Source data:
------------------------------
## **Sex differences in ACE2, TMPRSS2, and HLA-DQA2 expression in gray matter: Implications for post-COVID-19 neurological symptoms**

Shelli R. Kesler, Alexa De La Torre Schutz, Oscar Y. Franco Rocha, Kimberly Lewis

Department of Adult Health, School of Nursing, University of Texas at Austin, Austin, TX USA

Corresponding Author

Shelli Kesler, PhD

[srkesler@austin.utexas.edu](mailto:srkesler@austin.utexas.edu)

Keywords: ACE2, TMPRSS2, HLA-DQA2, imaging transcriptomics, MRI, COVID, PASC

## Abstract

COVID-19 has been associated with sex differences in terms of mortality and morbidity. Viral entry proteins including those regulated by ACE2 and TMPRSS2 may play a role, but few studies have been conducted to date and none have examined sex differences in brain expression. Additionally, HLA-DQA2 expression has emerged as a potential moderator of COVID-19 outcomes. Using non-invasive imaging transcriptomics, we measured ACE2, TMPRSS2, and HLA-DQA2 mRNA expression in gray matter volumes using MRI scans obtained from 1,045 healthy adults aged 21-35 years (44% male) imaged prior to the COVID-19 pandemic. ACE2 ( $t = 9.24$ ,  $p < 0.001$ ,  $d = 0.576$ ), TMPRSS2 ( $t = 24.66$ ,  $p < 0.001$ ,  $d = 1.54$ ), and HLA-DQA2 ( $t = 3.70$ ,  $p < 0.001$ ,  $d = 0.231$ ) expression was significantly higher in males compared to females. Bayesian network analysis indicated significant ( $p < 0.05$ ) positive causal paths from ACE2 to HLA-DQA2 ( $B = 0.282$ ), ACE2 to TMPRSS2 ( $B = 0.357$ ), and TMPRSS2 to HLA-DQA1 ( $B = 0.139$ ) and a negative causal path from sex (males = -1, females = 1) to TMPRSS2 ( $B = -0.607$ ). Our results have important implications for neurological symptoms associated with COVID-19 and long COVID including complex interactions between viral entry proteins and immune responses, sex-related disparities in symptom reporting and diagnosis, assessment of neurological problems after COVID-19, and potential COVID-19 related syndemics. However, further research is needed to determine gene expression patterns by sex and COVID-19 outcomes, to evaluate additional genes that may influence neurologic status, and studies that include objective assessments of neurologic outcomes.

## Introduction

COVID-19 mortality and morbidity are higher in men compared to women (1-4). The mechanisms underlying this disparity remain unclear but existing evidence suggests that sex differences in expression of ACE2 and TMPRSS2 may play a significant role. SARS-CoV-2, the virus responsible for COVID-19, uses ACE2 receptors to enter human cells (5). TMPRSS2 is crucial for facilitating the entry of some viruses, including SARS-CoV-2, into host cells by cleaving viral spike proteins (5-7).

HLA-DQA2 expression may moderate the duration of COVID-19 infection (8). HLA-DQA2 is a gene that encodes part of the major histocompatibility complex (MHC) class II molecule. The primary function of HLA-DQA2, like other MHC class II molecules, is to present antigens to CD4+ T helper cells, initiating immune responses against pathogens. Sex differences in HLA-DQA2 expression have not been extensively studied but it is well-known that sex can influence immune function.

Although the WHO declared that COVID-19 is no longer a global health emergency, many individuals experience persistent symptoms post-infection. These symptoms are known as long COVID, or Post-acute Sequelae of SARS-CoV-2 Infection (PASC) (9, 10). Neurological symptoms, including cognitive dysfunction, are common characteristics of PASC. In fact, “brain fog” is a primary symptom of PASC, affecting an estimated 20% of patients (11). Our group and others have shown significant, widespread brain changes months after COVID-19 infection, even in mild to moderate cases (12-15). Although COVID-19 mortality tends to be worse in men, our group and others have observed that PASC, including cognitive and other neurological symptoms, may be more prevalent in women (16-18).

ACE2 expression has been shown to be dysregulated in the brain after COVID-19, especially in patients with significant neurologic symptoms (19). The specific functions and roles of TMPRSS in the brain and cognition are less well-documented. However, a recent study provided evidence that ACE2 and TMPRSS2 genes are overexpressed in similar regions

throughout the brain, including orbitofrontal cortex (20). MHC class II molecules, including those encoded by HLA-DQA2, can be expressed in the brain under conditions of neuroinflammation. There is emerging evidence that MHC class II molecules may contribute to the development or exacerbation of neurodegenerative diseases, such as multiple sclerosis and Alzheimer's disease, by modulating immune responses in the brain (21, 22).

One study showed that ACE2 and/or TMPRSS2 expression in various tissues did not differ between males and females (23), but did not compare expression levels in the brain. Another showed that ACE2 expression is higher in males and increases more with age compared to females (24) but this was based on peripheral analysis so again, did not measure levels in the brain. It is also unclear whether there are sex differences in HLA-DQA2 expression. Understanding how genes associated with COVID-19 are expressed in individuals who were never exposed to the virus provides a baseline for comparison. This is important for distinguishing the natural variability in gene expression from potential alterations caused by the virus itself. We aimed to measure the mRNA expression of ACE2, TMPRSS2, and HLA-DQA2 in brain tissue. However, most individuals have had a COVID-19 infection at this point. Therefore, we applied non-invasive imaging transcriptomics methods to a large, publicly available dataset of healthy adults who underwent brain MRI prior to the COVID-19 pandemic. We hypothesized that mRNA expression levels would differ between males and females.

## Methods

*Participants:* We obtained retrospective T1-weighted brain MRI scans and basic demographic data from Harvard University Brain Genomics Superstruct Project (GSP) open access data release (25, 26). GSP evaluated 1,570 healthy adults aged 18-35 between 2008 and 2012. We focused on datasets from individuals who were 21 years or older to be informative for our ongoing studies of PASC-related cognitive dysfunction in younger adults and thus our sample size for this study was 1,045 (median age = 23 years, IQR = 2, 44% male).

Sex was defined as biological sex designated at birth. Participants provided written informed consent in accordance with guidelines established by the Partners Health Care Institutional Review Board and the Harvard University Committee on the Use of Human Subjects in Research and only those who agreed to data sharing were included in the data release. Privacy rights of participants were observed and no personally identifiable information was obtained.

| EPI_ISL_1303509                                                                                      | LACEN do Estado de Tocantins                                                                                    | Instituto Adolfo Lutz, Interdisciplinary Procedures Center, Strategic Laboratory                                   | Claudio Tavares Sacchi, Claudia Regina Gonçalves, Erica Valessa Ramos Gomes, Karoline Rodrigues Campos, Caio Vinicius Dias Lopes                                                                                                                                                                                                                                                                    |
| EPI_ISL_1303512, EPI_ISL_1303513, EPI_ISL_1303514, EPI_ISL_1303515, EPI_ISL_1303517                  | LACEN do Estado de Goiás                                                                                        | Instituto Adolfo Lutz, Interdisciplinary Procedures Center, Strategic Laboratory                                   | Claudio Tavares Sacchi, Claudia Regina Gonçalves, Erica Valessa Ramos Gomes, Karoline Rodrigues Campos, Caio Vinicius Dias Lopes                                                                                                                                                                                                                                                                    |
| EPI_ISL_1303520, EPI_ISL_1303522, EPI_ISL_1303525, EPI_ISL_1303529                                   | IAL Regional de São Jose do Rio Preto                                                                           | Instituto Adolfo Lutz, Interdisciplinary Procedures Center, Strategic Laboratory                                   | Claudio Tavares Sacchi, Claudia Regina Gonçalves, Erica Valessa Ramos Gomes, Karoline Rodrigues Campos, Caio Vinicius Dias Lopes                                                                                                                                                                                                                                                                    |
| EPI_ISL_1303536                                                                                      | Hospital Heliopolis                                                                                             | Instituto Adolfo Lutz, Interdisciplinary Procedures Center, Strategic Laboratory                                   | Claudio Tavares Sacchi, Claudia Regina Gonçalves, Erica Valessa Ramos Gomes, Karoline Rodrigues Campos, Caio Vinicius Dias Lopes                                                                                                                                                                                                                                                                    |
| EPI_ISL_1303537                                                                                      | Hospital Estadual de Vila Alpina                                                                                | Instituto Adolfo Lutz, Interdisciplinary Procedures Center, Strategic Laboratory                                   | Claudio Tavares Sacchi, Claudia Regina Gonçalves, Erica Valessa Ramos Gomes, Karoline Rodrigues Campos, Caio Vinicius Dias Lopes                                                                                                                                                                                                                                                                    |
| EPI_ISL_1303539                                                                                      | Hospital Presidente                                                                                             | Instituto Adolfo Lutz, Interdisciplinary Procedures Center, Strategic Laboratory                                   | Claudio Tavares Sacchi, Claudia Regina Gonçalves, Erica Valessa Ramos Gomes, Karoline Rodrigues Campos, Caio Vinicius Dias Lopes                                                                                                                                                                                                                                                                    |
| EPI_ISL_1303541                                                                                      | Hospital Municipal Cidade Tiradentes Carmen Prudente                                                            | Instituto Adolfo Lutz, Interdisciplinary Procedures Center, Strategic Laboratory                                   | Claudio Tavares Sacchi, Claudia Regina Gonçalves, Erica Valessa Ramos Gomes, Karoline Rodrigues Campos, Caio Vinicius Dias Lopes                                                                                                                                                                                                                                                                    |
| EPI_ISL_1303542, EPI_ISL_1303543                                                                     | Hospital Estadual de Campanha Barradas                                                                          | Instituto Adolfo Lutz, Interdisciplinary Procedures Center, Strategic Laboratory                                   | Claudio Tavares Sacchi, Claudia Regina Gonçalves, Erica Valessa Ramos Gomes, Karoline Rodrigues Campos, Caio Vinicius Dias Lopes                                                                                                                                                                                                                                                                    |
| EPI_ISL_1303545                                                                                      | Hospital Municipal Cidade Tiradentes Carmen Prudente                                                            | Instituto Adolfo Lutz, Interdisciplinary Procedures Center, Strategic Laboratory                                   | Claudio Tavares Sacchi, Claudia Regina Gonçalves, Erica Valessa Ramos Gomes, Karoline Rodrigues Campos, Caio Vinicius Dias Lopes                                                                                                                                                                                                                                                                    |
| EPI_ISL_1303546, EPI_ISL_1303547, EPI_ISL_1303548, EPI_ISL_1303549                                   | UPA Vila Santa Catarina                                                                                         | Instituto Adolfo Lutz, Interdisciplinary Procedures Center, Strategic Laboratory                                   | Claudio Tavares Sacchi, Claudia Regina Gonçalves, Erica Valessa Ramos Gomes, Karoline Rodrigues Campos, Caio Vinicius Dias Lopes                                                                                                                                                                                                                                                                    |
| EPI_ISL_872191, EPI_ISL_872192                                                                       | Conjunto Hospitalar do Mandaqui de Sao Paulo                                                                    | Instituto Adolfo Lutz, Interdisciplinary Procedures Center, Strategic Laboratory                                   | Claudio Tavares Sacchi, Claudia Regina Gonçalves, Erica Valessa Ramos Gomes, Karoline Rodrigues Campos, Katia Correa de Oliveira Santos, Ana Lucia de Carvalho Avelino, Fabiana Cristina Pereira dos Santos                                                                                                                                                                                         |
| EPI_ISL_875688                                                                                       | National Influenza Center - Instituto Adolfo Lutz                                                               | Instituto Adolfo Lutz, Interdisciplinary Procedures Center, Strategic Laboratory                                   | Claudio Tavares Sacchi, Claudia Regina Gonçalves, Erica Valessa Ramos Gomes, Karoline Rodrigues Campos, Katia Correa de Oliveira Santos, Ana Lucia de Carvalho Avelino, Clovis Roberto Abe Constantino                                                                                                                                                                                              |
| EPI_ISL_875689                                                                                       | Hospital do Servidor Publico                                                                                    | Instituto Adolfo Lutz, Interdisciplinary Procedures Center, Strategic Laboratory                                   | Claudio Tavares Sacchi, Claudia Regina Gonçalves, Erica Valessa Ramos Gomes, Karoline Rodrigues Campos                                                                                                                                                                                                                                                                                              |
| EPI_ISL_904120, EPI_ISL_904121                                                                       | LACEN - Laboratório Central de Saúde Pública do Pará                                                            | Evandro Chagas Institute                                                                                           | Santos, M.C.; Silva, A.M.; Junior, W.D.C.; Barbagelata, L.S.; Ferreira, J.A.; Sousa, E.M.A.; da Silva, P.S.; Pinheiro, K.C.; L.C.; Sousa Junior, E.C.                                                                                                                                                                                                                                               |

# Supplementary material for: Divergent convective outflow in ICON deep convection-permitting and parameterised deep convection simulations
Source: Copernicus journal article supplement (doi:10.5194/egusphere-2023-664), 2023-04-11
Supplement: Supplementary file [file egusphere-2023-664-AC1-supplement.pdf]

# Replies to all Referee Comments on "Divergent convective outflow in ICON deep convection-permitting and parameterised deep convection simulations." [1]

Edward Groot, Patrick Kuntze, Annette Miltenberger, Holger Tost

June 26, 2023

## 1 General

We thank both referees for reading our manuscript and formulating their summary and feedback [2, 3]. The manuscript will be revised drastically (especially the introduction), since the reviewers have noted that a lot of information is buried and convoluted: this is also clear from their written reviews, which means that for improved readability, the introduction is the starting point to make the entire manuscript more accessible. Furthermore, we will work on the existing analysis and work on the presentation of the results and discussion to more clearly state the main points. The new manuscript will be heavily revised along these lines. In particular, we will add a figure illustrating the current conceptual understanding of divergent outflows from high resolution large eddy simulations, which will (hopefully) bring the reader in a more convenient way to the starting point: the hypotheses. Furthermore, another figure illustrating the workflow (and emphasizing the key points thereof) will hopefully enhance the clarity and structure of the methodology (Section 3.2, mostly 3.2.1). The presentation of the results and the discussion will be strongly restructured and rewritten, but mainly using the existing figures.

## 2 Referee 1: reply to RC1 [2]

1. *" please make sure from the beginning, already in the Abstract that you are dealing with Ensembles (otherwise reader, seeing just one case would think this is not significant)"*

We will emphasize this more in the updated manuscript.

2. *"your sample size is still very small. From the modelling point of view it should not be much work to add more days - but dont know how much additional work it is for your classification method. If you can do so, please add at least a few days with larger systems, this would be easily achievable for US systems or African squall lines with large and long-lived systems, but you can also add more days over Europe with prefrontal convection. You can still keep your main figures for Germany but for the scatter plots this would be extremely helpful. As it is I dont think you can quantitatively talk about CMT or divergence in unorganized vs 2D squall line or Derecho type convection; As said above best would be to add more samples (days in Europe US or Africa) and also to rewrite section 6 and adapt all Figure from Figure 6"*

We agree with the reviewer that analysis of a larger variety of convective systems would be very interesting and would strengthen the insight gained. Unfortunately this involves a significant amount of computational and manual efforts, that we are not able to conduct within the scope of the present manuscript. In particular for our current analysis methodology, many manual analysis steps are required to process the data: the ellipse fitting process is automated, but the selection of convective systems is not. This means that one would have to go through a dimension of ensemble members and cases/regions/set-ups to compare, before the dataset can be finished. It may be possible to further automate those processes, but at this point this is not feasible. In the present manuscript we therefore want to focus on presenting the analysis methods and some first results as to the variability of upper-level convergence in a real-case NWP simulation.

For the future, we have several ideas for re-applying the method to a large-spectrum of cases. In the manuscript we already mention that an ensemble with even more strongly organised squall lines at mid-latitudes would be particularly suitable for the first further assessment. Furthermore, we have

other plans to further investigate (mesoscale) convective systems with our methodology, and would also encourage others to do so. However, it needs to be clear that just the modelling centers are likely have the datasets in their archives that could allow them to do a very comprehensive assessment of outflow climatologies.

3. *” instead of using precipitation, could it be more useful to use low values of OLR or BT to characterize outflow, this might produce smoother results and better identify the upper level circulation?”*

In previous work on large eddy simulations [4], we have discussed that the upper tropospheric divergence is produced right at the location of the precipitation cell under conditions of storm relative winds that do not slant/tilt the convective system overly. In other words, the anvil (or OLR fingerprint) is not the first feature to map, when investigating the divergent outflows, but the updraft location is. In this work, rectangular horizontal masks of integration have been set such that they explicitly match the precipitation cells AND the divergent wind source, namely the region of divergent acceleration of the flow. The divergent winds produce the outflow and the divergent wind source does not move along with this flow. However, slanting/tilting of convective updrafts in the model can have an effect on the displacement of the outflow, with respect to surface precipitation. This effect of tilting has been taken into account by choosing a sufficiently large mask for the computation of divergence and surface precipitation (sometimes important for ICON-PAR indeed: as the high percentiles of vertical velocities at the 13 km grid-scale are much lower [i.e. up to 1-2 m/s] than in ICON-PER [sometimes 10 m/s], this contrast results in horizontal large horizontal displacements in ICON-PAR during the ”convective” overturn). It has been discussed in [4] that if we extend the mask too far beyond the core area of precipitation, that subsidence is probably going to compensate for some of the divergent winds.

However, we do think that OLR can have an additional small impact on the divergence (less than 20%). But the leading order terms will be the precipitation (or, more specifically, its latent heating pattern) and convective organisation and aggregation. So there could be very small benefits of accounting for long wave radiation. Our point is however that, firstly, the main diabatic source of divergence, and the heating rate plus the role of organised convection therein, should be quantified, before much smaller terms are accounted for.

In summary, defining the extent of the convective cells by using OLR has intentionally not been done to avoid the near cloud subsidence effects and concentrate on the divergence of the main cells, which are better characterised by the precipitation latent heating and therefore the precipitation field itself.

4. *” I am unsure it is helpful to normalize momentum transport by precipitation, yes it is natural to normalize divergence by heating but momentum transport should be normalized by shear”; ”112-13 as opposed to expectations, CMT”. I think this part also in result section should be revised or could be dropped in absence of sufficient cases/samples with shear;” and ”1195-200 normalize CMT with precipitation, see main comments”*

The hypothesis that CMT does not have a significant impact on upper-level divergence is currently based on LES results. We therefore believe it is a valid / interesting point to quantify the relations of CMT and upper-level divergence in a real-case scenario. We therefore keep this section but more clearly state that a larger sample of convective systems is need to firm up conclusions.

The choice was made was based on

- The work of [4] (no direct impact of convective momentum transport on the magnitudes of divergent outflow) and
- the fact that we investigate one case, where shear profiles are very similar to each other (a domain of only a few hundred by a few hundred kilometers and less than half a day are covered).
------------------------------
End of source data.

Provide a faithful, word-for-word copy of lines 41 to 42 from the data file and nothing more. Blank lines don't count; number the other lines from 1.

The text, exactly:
We thank both referees for reading our manuscript and formulating their summary and feedback [2, 3]. The manuscript will be revised drastically (especially the introduction), since the reviewers have noted that a lot of information is buried and convoluted: this is also clear from their written reviews, which means that for improved readability, the introduction is the starting point to make the entire manuscript more accessible. Furthermore, we will work on the existing analysis and work on the presentation of the results and discussion to more clearly state the main points. The new manuscript will be heavily revised along these lines. In particular, we will add a figure illustrating the current conceptual understanding of divergent outflows from high resolution large eddy simulations, which will (hopefully) bring the reader in a more convenient way to the starting point: the hypotheses. Furthermore, another figure illustrating the workflow (and emphasizing the key points thereof) will hopefully enhance the clarity and structure of the methodology (Section 3.2, mostly 3.2.1). The presentation of the results and the discussion will be strongly restructured and rewritten, but mainly using the existing figures.

## 2 Referee 1: reply to RC1 [2]